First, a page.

Coping With Fear of Memory Loss

My fears lurk all over my mind, hiding behind the bigger neurons of my brain, sometimes under tiny veins, near the cortex… watching me, taunting me, terrifying me. I try to keep them in check by reading.

This evening I picked up a dusty volume of poetry that promised to keep the ghosts of my fears at bay. I chanced upon John Keats (1795-1821) and his poem When I have fears that I may cease to be.

Coping with fear of memory loss
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Horrors, I said to myself, this man, this boy, who wrote the poem when he was around 22 only, also had fears. He must have had many, because he committed suicide at age 25, if I am not mistaken.

John Keats had fears that he would die before he had a chance to say and write all that was in his “teeming brain.”

I have no such fears because I have little to say and my mind is only teeming with dreads. It is not teeming with great ideas.

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Fear of memory loss

My mind is teeming with the fear that my brain may cease to be, to work properly, to function smoothly.

I dread the lurking possibility that my memory may leave me, forsake and quit me altogether. I decided to give the matter some thought.

I remember I had problems at midterms and finals.

I was in my late teens and early twenties and I had problems recalling dates, names, and theories, even though I had studied hard, or so I thought, and I got a poor grade because of that.

It happened to all my schoolmates. But we did not worry we were losing our memory. Those things happened.

Also Read: Keeping the Over-50 Brain Nimble & Sharp

The other day I was to meet a younger friend -mid-thirties- at a sidewalk café. I waited for over three quarters of an hour… He did not show up.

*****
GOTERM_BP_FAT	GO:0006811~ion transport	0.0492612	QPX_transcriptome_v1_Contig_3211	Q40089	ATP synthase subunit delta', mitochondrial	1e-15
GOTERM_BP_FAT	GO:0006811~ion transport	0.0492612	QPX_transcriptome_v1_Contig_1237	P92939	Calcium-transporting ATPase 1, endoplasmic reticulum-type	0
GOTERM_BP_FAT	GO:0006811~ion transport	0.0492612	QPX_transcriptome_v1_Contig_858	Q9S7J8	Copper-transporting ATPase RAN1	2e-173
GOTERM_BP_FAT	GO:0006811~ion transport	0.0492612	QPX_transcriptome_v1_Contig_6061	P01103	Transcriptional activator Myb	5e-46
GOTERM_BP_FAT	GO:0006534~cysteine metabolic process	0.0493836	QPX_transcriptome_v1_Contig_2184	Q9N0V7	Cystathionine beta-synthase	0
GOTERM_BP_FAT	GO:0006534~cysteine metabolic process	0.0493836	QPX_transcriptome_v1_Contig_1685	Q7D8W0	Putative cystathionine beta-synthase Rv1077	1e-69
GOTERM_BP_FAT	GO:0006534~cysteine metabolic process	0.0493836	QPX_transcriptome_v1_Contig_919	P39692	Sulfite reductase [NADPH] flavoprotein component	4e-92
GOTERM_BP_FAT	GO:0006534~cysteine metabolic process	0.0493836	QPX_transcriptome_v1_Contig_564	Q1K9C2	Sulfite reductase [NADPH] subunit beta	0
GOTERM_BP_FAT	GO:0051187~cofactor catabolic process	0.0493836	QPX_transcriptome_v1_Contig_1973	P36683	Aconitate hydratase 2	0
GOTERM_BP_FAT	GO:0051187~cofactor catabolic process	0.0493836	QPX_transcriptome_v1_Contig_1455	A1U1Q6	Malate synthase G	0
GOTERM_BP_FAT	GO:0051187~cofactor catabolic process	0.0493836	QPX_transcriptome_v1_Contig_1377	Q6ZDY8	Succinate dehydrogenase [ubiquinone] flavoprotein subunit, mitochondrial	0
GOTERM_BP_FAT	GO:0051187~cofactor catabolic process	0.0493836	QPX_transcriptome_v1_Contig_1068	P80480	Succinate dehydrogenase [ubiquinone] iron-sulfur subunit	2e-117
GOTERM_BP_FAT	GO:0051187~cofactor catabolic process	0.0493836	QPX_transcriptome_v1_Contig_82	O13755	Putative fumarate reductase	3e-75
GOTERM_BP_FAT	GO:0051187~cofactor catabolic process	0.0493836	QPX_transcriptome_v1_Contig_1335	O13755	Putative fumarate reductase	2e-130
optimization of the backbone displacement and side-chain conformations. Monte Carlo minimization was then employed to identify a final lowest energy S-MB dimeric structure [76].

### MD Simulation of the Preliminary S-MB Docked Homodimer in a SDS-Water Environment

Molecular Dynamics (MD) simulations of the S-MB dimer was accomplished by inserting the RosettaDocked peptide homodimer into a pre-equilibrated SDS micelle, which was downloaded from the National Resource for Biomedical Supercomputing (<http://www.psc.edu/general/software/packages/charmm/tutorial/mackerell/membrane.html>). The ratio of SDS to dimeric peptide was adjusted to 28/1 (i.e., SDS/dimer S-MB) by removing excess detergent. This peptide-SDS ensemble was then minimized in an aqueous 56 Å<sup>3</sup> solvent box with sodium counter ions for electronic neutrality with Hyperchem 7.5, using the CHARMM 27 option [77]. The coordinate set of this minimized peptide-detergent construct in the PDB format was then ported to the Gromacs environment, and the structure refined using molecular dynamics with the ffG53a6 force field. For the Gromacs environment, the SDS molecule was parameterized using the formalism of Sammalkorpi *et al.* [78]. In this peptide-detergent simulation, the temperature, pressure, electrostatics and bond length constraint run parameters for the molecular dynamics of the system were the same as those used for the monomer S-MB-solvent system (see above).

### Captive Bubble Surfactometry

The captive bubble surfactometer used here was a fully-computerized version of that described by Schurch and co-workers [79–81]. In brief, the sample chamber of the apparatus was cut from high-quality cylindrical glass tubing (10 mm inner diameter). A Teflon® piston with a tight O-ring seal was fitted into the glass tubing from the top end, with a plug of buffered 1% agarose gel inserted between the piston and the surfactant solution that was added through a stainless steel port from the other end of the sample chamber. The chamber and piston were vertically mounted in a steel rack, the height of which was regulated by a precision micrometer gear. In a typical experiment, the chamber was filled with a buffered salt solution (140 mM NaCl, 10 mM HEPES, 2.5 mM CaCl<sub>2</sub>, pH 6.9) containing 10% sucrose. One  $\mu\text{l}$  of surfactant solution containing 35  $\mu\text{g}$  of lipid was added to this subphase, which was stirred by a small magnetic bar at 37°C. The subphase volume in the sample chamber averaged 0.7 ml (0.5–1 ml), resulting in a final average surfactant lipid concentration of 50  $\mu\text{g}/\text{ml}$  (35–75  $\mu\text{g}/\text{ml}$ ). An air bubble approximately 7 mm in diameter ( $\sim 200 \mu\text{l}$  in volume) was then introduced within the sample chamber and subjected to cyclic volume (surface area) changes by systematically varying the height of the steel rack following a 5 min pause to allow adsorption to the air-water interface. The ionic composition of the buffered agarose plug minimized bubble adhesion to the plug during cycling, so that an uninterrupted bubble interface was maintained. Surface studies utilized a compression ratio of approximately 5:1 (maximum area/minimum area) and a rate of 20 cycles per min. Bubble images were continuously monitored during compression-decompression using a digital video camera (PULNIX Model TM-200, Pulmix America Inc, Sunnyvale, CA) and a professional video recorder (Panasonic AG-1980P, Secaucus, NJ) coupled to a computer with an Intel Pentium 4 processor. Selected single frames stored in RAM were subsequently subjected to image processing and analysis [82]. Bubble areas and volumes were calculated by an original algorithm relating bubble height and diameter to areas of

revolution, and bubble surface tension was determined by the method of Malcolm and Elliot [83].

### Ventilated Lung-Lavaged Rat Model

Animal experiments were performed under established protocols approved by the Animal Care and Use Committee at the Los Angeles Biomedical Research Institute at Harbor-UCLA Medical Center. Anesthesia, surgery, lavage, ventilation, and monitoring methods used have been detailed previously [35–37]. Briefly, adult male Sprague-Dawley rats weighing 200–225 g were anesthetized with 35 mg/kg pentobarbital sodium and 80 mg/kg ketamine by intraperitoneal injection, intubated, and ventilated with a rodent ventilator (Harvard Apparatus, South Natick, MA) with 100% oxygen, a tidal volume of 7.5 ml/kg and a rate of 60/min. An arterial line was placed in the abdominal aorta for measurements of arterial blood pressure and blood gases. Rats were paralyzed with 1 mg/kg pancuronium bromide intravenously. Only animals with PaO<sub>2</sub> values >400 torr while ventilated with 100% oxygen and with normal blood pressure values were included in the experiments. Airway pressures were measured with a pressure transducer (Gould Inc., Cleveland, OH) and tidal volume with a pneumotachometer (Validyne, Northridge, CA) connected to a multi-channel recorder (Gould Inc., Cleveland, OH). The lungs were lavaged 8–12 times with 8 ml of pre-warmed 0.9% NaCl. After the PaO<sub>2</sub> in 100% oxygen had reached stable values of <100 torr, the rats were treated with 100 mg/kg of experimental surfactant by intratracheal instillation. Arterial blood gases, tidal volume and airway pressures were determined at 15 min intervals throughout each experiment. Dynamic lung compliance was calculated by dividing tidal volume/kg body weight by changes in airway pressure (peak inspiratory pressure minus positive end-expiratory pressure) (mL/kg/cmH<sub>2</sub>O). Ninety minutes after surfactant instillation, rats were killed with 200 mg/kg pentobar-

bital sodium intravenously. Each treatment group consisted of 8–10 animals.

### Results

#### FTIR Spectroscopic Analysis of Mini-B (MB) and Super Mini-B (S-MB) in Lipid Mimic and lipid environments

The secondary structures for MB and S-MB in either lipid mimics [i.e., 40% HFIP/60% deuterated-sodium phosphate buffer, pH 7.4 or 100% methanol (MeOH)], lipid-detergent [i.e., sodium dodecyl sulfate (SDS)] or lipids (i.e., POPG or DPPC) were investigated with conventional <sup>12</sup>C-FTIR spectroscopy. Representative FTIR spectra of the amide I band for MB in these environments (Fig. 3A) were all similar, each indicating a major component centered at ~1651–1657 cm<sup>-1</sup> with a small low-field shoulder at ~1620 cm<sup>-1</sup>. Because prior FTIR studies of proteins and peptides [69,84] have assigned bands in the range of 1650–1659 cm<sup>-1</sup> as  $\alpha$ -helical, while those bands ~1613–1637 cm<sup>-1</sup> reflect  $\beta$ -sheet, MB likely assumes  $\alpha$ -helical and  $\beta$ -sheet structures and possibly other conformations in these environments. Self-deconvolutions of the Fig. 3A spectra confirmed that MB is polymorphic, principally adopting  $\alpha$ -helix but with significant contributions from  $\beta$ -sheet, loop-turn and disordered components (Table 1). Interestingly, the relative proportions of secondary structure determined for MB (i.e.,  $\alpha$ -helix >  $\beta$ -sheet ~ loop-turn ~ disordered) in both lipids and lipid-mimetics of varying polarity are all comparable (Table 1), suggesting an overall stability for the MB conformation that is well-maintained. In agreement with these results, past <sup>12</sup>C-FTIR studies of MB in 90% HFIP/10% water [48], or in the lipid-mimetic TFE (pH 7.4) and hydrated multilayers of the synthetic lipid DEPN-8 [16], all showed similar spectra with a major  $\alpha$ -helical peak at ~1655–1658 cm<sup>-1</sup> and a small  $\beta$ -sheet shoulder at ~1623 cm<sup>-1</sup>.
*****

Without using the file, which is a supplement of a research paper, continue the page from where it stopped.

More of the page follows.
He had plain forgotten about me. It just slipped his mind. Not for a moment did he think he was getting Alzheimer’s disease.

A student of mine keeps telling me she has no memory. She forgets things, she says. She is about 38, I believe.

But she is not worried her mind might be shutting down. She just forgets. She sees it as a natural thing.

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When do we start fearing that our brain may cease to be?

After fifty, for sure. Before that, we chuck our slips of memory, or forgetfulness, up to goodness-know-what.

But when we turn fifty we start worrying. I did. I was, and I am, hearing so much about the Dreadful Disease, that I think I may be getting it too.

But these fears are harmless and they are common.

It is normal to forget unpleasant things at any age. Even children forget to do their homework and must be reminded constantly. Sometimes we get a notice that a bill is overdue. We “forgot” to pay it.

We stress the dreadful fact that we forget, and do not emphasize how many things we remember in our lives: we remember everything, even what we would like to forget.

Fear of memory loss is common and normal in middle-age and beyond. How one writer chooses to deal with it.
Photo: Shuttestock

I have, then, decided to be positive, shake off my fears about forgetfulness, “forget” my dreads and carry on with my life.

Too bad if I forget something, whatever it may be. I know I am not alone.

At the same time, I have taken up the study of the Basque language, which is completely different from any tongue I know, in order to exercise my memory and my mind.

And from now on I will practice mindfulness, not forgetfulness.

To live in fear, any fear, is to create hell in one’s life, in one’s brain. Forget it!

Fear of memory loss is common and normal in middle-age and beyond. How one writer chooses to deal with it.

Delfín Carbonell

Delfín Carbonell is a graduate of Duquesne University and the University of Pittsburgh. He holds a Ph.D. in Philology from Madrid and has authored 35 books in both English and Spanish, published by McGraw-Hill, Barron’s, Larousse, Anaya and Serbal. He has taught at Pitt, F&M, Scranton and Murray St. University.

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